Impact: Beyond the Night Sky, a 2020 SCINEMA International Science Film Festival documentary, explores impacts and collisions between bodies in our solar system. These events are occurring all the time, ranging from tiny collisions (like the meteors that burn up brightly in our atmosphere) to large-scale events that have shaped our cosmic backyard as we know it.
The film follows planetary scientist Katarina Miljkovic, an associate professor with the School of Earth and Planetary Sciences at Curtin University in Western Australia, and the moments that propelled her towards a career in planetary science. It touches on her fascinating contributions to the field of research; from studying past impact scars on the Moon so as to better understand its evolution, to analysing today’s meteorite impacts on Mars to learn more about the planet’s interior.
You can watch Impact: Beyond the Night Sky in full here.
Read on to learn about how early asteroid bombardment may have shaped the young Earth’s development by delaying atmospheric oxygen growth.
For the first few billion years of the Earth’s existence, the weather forecast was cloudy with a chance of asteroid. Geochemists have presumed for some time that this flurry of strikes altered the chemistry of the nascent atmosphere, but research from 2021 now offers clues as to how.
“Free oxygen in the atmosphere is critical for any living being that uses respiration to produce energy,” says geologist Nadja Drabon, co-author of the study from Harvard University. “Without the accumulation of oxygen in the atmosphere we would probably not exist.”
The team – led by Simone Marchi at the Southwest Research Institute in Boulder, Colorado – focused on the Archaean eon, which stretched from 4 billion to 2.5 billion years ago.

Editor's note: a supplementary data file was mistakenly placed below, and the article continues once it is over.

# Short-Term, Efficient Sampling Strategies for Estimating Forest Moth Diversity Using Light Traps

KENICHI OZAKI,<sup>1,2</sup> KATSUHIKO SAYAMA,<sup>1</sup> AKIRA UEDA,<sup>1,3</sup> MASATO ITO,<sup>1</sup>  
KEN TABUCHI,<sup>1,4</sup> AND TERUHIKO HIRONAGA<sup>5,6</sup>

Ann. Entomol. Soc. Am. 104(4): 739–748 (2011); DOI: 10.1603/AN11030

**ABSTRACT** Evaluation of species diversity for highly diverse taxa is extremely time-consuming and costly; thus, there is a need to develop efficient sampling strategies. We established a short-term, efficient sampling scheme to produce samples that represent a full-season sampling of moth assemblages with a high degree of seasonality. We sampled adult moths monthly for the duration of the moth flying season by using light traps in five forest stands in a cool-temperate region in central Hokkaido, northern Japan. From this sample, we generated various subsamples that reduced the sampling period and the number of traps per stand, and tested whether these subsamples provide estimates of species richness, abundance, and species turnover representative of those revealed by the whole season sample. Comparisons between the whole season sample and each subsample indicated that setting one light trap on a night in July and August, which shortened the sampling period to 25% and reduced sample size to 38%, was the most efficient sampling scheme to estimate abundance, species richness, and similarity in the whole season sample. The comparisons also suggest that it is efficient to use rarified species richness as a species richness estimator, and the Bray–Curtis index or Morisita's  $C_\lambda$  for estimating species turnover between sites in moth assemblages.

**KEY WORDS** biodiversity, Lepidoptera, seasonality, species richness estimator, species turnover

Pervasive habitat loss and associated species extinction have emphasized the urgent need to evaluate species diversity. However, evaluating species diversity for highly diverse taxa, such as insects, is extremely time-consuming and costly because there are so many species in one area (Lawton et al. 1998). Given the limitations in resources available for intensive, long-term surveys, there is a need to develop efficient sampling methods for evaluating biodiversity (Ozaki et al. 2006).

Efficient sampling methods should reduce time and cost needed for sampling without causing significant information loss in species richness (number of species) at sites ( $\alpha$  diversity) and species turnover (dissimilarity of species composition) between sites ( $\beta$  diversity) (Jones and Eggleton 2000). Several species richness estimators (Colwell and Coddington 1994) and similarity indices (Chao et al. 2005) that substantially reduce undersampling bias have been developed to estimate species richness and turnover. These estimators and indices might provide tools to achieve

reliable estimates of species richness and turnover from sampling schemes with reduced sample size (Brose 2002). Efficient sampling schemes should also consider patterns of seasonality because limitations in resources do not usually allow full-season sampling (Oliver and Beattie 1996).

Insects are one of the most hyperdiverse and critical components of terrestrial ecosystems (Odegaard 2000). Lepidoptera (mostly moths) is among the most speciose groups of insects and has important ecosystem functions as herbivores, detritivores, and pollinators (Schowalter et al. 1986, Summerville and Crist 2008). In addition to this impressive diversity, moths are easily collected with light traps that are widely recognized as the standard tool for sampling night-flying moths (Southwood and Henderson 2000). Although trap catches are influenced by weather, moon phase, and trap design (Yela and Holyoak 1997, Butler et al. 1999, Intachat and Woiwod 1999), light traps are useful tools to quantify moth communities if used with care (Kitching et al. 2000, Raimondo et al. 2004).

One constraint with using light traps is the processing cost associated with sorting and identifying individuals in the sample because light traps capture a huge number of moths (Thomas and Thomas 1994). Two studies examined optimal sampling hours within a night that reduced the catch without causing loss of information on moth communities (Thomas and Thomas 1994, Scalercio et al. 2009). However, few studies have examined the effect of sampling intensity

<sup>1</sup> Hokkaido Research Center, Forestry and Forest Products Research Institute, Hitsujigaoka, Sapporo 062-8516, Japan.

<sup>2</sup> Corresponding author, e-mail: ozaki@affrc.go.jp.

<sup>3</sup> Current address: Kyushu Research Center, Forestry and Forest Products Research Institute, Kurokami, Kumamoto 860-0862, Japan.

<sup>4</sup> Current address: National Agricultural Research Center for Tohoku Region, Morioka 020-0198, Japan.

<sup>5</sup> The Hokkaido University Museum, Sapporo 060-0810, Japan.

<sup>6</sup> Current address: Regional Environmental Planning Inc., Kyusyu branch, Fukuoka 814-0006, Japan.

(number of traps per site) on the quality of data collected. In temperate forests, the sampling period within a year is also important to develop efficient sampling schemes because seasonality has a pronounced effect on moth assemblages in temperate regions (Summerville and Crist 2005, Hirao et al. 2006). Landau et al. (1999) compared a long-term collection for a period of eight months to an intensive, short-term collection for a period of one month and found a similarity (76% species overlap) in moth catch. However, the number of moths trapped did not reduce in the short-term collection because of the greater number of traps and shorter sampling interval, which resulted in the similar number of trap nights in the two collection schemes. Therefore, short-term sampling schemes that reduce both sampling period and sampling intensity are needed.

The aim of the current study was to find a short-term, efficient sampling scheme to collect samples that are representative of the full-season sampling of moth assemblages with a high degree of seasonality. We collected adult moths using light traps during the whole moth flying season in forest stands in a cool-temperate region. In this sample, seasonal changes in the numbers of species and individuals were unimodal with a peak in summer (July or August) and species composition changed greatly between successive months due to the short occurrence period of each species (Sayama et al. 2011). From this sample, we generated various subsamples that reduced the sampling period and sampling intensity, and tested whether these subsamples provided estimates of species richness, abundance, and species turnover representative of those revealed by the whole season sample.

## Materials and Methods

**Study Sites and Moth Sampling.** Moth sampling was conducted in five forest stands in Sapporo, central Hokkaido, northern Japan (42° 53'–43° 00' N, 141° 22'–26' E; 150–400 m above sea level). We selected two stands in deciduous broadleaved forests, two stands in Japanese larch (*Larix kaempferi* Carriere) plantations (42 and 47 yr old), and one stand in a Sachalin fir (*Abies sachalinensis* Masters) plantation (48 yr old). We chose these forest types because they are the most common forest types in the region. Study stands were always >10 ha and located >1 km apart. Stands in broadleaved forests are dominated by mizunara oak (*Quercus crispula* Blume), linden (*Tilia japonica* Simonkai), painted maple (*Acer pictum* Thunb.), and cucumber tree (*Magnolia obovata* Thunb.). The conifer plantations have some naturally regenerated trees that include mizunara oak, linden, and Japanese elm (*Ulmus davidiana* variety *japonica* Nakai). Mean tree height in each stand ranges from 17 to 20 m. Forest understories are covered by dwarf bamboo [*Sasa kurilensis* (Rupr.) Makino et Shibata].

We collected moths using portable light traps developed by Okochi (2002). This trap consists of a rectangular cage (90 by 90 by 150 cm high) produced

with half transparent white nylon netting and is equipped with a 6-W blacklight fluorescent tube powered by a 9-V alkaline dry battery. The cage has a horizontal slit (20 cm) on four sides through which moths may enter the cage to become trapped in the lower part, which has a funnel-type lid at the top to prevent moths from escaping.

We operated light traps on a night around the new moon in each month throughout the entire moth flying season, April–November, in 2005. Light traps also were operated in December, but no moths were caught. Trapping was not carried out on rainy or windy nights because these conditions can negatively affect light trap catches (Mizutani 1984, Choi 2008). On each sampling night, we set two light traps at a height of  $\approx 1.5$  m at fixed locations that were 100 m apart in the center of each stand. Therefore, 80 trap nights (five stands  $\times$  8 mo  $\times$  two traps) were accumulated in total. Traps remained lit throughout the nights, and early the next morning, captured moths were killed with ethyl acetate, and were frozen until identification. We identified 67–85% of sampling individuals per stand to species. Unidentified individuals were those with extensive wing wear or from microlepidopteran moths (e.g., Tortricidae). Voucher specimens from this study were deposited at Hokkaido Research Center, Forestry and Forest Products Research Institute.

To get a glimpse into this ancient time, they analysed asteroid remnants called “impact spherules”. These glassy, sand-sized particles are actually re-solidified drops of molten rock, formed when the energy from an asteroid or comet vapourised rocky materials in the planet’s crust. Today, they are found in thin layers on the Earth’s crust.
“In recent years, a number of new spherule layers have been identified in drill cores and outcrops, increasing the total number of known impact events during the early Earth,” Drabon says.
Using this new data of additional impact events, the team updated older models to find that they had previously underestimated how often asteroids and comets struck the infant Earth. Turns out, a cosmic crash happened every 15 million years – 10 times more frequently than previously thought.
“What’s more,” Marchi adds, “we find that the cumulative impactor mass delivered to the early Earth was an important ‘sink’ of oxygen, suggesting that early bombardment could have delayed oxidation of Earth’s atmosphere.”
Basically, when impactors struck the Earth, the vapours would have chemically consumed the oxygen that was around, essentially sucking it out of the atmosphere.
“Late Archean bombardment by objects over six miles [10km] in diameter would have produced enough reactive gases to completely consume low levels of atmospheric oxygen,” says co-author Laura Schaefer from Stanford University.
“This pattern was consistent with evidence for so-called ‘whiffs’ of oxygen, relatively steep but transient increases in atmospheric oxygen that occurred around 2.5 billion years ago. We think that the whiffs were broken up by impacts that removed the oxygen from the atmosphere.”
Around 2.4 billion years ago, around the time bombardment slowed down, the Earth went through a major shift known as the Great Oxidation Event (GOE) – though oxygen didn’t build up to current levels until within the last billion years.
“As time went on, collisions become progressively less frequent and too small to be able to significantly alter post-GOE oxygen levels,” lead author Marchi says. “The Earth was on its course to become the current planet.”
Lauren Fuge is a science journalist at Cosmos. She holds a BSc in physics from the University of Adelaide and a BA in English and creative writing from Flinders University.
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